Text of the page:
He commented, "In some cases, there were explicit contractual provisions for liquidity support or credit enhancements, such as were provided to ABCP vehicles by their sponsoring banks. In other cases, the support was more implicit, and was conveyed in the marketing of the assets or through an historical pattern of providing support. Forms of implicit credit support were present in a variety of important funding channels and, to a considerable degree, persist today. Three examples are money market funds, the triparty repo market, and securities lending."

Tarullo said, "Money market funds aim to maintain a stable net asset value of one dollar per share and to meet redemption requests upon demand. As such they are the very model of a nonbank "deposit" or cash equivalent. Unlike other mutual funds, money market funds are allowed to round their net asset values to one dollar per share so long as the underlying value of each share remains within one-half cent of a dollar. But a drop in the unrounded net asset value of more than one-half of one percent causes a money fund to "break the buck," a scenario in which losses, at least in theory, would be passed along to the fund's investors."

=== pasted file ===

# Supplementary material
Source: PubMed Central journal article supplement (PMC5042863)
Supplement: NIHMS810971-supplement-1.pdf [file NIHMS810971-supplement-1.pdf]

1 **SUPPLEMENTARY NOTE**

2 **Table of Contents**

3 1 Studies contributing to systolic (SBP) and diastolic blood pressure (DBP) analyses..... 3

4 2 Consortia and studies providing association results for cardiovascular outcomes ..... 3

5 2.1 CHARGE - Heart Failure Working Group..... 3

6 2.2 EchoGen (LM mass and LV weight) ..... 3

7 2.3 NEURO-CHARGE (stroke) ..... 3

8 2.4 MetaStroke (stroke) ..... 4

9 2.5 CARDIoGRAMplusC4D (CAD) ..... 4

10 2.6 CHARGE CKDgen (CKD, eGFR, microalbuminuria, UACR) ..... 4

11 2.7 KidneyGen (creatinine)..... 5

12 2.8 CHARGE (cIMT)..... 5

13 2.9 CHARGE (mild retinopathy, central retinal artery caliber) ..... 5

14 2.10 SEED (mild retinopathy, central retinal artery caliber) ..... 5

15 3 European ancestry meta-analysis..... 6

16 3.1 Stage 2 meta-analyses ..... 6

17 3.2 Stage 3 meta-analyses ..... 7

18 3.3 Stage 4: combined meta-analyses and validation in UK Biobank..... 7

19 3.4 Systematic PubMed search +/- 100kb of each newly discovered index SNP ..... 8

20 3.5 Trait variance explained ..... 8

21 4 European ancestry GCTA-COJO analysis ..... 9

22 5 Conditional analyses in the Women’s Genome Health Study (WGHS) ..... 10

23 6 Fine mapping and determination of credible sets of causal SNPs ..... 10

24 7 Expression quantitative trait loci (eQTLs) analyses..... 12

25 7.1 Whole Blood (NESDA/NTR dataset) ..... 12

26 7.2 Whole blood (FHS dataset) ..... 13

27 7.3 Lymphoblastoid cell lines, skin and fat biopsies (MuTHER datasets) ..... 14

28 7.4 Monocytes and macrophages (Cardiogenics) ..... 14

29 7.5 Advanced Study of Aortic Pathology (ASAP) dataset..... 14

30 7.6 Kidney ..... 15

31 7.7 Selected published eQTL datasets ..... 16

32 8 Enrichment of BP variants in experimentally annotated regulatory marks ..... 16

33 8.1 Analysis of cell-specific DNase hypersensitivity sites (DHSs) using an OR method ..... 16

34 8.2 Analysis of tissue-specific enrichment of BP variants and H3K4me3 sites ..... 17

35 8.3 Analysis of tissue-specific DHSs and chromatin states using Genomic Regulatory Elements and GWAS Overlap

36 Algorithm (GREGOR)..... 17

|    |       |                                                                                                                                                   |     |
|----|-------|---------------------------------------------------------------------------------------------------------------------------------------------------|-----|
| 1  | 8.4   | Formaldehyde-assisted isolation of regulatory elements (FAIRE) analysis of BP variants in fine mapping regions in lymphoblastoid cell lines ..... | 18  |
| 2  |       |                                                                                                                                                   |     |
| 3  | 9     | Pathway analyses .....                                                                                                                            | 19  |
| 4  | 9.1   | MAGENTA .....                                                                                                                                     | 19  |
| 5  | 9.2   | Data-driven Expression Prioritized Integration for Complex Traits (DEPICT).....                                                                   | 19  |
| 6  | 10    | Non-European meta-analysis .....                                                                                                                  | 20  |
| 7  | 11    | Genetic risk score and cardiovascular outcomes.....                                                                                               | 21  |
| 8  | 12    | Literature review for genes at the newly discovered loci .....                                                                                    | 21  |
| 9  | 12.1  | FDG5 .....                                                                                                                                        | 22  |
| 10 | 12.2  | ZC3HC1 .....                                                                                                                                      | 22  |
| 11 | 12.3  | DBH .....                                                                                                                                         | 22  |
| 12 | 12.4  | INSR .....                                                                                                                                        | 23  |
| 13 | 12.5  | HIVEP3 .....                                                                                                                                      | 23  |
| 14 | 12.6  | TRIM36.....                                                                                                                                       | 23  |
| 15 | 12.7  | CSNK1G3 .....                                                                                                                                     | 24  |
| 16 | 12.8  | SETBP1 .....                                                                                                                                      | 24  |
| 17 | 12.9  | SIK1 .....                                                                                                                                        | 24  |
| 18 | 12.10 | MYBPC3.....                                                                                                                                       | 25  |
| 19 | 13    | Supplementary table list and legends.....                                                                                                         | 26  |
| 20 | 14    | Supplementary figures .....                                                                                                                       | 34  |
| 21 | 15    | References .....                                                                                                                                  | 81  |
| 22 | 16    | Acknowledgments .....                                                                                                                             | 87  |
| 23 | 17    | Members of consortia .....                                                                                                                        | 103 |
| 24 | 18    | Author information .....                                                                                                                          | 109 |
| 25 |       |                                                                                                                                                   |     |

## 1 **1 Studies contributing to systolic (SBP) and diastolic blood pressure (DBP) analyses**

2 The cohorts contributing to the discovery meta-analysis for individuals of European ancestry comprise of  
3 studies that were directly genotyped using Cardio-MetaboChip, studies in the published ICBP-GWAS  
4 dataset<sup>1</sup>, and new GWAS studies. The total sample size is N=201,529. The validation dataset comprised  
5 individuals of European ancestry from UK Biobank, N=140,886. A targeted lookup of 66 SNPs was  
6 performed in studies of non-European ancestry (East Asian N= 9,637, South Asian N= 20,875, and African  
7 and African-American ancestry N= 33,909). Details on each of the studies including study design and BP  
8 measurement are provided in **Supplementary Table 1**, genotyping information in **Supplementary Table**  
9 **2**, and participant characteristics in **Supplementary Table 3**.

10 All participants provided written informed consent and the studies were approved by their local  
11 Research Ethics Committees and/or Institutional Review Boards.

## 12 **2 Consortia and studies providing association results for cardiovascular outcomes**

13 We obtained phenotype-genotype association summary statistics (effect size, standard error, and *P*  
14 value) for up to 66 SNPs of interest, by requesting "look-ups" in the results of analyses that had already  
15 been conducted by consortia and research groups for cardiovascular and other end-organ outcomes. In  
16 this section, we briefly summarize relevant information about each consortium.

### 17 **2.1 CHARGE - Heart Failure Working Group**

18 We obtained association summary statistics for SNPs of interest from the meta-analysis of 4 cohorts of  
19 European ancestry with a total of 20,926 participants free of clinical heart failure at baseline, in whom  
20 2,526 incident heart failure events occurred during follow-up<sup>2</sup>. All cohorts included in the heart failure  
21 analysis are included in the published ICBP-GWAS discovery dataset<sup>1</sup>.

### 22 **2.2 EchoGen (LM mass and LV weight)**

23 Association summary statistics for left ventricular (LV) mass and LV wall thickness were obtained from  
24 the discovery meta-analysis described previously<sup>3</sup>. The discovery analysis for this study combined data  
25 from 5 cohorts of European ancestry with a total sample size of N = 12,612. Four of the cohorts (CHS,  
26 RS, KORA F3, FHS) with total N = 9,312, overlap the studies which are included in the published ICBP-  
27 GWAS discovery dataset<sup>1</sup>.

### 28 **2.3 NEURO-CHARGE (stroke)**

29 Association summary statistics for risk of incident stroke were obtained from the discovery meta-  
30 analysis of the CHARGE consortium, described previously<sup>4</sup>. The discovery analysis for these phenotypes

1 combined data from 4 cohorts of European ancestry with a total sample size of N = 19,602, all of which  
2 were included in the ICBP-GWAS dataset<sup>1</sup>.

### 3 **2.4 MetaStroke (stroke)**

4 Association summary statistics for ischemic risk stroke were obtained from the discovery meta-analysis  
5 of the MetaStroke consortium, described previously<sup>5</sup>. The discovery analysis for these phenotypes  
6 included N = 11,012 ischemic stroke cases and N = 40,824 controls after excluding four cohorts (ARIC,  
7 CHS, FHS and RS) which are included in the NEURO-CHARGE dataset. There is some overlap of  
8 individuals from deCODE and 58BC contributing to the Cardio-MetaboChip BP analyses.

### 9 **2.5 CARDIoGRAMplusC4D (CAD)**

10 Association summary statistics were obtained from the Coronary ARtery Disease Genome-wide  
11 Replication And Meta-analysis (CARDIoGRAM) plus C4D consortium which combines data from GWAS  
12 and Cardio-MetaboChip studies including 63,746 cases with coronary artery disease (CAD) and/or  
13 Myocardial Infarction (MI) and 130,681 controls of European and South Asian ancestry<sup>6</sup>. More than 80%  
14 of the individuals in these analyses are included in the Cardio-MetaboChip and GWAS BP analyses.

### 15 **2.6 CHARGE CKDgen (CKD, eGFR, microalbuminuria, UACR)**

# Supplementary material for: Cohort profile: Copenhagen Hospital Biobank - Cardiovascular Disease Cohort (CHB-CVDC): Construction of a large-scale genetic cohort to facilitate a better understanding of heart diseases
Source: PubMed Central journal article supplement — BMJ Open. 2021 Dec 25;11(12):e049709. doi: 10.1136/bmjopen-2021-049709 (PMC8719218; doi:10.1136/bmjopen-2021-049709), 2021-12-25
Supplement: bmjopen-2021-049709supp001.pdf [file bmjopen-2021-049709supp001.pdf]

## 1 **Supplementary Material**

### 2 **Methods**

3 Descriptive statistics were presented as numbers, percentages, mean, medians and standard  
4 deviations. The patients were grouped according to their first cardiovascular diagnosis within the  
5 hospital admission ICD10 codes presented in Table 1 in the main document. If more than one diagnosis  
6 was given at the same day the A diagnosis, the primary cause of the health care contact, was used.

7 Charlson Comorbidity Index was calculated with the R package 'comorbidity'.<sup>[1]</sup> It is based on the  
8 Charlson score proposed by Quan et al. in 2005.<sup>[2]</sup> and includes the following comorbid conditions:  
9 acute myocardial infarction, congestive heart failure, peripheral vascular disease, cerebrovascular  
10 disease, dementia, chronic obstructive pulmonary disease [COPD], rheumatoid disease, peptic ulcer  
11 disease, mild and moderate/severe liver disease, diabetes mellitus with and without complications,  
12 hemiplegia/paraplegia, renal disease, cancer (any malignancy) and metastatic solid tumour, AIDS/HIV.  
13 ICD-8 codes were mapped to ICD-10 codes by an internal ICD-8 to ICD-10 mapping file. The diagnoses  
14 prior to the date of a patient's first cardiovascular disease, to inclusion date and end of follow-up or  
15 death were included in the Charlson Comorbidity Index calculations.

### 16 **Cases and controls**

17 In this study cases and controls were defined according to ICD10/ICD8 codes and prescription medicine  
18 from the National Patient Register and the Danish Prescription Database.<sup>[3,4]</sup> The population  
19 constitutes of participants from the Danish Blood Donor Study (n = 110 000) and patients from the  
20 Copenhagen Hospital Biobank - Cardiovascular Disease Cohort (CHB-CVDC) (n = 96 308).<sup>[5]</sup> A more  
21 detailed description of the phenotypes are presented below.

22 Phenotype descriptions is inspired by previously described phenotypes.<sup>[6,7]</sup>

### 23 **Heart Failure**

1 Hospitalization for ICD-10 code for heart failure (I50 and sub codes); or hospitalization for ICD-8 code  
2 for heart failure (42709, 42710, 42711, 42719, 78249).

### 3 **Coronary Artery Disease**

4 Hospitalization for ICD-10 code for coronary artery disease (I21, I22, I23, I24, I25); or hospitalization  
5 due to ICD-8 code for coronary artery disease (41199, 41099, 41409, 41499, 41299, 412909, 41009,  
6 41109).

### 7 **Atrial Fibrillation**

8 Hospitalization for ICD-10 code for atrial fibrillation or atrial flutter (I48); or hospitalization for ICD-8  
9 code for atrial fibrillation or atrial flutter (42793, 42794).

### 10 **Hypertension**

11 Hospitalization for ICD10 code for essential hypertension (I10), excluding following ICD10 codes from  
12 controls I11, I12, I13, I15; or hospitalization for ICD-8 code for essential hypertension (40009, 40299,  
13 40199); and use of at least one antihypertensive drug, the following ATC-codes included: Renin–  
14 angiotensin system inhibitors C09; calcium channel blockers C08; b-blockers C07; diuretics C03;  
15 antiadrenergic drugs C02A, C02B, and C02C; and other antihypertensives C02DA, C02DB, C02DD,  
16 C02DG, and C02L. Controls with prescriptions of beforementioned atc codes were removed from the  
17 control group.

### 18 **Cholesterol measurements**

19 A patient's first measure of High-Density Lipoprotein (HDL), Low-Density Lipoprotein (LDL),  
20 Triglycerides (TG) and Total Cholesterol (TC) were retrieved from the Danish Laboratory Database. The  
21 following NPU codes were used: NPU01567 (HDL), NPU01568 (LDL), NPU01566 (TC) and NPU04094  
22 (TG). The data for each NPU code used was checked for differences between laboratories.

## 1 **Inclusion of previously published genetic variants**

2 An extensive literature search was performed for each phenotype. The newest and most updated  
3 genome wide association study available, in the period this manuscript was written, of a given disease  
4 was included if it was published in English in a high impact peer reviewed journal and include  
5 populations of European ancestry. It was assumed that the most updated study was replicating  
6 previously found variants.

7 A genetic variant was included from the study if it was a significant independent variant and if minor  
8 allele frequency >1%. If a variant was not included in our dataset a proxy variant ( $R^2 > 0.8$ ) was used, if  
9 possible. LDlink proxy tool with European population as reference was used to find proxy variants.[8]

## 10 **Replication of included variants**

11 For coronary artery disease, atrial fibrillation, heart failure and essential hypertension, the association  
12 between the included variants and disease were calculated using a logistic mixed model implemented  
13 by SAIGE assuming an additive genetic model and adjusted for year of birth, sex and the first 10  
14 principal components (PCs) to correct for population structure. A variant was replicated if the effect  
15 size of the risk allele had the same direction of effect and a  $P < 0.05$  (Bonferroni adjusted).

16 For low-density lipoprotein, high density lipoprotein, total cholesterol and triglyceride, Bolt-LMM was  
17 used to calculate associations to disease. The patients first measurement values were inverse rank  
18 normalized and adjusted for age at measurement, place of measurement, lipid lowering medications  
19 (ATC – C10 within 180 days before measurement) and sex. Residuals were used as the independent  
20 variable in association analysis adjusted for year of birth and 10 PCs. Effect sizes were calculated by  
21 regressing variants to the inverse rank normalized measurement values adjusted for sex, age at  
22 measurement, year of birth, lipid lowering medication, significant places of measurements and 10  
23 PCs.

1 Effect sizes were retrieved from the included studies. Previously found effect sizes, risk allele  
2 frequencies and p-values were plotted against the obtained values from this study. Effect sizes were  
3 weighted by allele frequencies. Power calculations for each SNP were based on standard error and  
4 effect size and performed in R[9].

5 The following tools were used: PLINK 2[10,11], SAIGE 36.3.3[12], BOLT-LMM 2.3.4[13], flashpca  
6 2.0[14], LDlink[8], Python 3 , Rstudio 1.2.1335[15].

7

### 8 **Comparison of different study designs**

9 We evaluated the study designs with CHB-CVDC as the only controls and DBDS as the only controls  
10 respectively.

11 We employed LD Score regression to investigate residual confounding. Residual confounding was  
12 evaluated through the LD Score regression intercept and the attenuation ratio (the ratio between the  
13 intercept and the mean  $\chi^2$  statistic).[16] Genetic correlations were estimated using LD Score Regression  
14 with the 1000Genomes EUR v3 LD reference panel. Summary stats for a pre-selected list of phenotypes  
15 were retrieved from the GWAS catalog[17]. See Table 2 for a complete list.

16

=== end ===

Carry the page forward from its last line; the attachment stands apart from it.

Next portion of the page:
He explained, "However, fund sponsors historically have absorbed losses whenever necessary to prevent funds from breaking the buck, with only two exceptions. Even though they had no legal obligation to do so, sponsors voluntarily supported their funds more than 100 times between 1989 and 2003, presumably because allowing a fund to break the buck would have damaged the sponsor's reputation and franchise. This tendency was well understood by investors. Indeed, a standard reference book on money markets states that a "money fund run by an entity with deep pockets, while it may not have federal insurance, certainly has something akin to private insurance ... likely to prove adequate to cover any losses sustained by the fund."